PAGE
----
Ruffalo plays a really interesting character that, on paper, should be hated but is still endearing enough for us to stick around to hear what he has to say. The way Cam speaks sounds like poetry that’s mixed with comedy all the while with a lit cigarette hanging from the corner of his mouth. He is a bit of screw up but doesn’t mean or cause any harm. One scene in particular shows this when he gets too stressed out to take on the responsibilities his daughters rightfully demand from him so he goes out drinking and dancing until late. This leads to a very grown up sounding Amelia debating and even lecturing her father on the right thing to do as a parent. Much like bipolar itself the script goes through a rollercoaster motion. Sometimes things are bad, sometimes things are good. It’s life. The heroes of this story are Amelia and Faith who are just as fun to watch as the movie’s two adult lead actors. They hit every mark and nothing sounds forced from them as they go through their new life of having an eccentric father. Even though they spend a lot of the time chastising their dad it’s still too funny not to enjoy these scenes. Since this movie is set in Boston during the late 70s there are some heavy but necessary themes that are touched on, racial identity being one of them. A scene where Amelia asks her mum whether she’s black or not due to her pale complexion is heartbreaking. Zoe Saldana shines in every scene but this one in particular as she gives comfort to her confused daughter.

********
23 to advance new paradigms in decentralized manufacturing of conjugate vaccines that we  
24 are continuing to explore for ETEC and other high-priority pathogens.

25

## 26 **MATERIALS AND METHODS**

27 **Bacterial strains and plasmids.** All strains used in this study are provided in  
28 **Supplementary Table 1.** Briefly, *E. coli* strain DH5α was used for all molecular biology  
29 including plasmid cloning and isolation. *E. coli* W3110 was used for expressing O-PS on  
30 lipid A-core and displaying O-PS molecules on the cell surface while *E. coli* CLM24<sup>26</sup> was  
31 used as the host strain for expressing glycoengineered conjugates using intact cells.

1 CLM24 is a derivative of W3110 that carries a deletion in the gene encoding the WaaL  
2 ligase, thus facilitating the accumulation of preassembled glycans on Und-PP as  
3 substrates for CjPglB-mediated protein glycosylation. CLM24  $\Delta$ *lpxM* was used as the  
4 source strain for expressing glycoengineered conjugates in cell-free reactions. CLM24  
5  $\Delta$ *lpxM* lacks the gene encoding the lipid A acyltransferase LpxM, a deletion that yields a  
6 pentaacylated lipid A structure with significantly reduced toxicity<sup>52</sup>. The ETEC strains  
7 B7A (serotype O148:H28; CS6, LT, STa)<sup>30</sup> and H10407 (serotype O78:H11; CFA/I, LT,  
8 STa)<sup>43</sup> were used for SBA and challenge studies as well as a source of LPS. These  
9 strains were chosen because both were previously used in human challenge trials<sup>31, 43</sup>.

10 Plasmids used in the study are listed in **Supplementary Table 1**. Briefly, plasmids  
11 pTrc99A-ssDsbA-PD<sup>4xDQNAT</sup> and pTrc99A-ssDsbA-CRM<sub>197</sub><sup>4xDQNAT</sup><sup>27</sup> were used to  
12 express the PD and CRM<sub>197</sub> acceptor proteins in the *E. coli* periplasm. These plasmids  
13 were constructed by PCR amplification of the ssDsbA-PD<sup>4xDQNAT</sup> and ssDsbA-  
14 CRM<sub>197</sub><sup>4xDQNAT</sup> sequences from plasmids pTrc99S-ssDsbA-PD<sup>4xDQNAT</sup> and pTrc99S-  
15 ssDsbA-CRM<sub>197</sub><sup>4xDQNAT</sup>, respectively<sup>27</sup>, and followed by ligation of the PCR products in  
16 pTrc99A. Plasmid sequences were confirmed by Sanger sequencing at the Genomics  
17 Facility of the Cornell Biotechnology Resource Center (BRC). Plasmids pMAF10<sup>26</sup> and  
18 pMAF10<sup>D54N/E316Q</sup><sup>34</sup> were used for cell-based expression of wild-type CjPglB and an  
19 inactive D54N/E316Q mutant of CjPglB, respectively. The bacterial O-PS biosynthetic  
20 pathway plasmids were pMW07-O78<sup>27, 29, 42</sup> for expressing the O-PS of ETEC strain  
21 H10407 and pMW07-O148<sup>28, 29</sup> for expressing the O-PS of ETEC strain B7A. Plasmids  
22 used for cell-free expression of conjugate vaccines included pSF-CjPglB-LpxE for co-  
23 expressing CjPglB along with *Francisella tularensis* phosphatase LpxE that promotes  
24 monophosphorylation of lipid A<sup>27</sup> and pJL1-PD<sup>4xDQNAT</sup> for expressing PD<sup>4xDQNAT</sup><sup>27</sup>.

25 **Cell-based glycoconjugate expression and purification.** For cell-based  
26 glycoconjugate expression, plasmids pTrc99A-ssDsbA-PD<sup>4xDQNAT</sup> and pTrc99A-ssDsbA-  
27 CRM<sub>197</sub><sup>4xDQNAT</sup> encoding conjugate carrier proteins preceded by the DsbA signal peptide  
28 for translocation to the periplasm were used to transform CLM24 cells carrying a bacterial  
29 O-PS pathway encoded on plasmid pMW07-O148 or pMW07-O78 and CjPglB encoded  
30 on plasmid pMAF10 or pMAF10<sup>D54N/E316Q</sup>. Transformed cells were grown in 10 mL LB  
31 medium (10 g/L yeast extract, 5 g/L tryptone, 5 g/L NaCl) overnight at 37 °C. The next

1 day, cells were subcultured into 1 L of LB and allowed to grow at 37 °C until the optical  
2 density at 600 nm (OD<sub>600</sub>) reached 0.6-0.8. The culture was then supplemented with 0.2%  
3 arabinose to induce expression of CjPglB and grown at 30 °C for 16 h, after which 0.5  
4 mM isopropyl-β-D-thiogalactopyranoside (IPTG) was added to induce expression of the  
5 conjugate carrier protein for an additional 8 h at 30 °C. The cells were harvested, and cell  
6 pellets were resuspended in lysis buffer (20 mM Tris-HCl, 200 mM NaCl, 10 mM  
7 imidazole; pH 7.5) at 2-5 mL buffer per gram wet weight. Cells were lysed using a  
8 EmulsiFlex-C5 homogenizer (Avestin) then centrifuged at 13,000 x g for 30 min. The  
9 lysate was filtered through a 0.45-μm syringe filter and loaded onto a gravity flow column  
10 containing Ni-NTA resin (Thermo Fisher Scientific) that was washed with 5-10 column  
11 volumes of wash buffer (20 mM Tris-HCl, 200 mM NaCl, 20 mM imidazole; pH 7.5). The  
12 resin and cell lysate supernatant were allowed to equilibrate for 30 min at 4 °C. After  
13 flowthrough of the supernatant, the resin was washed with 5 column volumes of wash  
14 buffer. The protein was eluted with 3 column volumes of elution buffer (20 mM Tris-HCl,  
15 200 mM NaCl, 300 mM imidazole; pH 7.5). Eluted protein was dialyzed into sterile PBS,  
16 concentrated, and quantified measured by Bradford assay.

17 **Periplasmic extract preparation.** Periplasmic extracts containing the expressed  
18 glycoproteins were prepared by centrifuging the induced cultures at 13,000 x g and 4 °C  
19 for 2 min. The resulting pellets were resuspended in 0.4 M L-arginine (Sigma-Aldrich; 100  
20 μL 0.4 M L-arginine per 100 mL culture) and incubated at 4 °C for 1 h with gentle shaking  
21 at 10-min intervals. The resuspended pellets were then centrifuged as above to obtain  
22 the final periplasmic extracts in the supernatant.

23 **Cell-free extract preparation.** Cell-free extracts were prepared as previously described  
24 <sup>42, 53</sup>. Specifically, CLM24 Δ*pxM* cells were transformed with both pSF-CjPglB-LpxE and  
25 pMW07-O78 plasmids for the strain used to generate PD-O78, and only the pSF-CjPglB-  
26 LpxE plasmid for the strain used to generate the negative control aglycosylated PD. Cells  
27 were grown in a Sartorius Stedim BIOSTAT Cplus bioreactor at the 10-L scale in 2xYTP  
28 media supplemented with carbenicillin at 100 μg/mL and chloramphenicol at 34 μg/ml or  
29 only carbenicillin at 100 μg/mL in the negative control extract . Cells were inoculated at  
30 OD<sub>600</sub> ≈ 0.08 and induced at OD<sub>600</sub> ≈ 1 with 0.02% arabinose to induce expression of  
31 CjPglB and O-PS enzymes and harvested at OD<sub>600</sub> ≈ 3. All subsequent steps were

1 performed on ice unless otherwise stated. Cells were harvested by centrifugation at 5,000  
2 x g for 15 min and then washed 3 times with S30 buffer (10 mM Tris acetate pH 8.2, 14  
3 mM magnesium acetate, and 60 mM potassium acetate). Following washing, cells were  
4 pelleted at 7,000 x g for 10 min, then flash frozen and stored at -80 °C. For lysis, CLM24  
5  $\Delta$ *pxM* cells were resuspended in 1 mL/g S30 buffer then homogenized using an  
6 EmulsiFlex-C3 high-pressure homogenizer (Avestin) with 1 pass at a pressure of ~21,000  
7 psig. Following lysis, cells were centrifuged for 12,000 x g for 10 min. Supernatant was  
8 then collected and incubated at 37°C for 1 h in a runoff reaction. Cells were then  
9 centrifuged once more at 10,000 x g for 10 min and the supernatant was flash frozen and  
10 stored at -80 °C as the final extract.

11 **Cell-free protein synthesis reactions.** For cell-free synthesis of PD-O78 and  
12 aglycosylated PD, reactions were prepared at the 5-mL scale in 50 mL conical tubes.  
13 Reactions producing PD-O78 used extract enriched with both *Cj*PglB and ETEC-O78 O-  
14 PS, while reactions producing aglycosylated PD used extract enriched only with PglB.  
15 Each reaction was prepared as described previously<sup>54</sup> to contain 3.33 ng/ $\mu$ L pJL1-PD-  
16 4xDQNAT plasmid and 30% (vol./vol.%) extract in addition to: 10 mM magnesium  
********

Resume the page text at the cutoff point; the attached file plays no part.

As a first time director Forbes has begun her career with an inspired bang. The dialogue is filled with so many tiny gems that it’s clear that she has filed through her memory banks to put these sparkling treasures onto paper. Saldana and Ruffalo are both fresh off the Marvel blockbuster boat with The Avengers and Guardians of the Galaxy neatly tucked away into Hollywood’s golden draw. It’s nice to see that they’re still getting their kicks by acting in smaller movies. This film will be looked back on as one of Ruffalo’s best performances as he triumphs line after line. Infinitely Polar Bear isn’t lighthearted but not entirely heavy either. It simply keeps things real. Much like last year’s Boyhood, this film is a reflection of life which some viewers can possibly relate to and if not it’s still amazingly enjoyable watching it as an outsider.
Summary: This film is a reflection of life which some viewers can possibly relate to and if not it’s still amazingly enjoyable watching it as an outsider.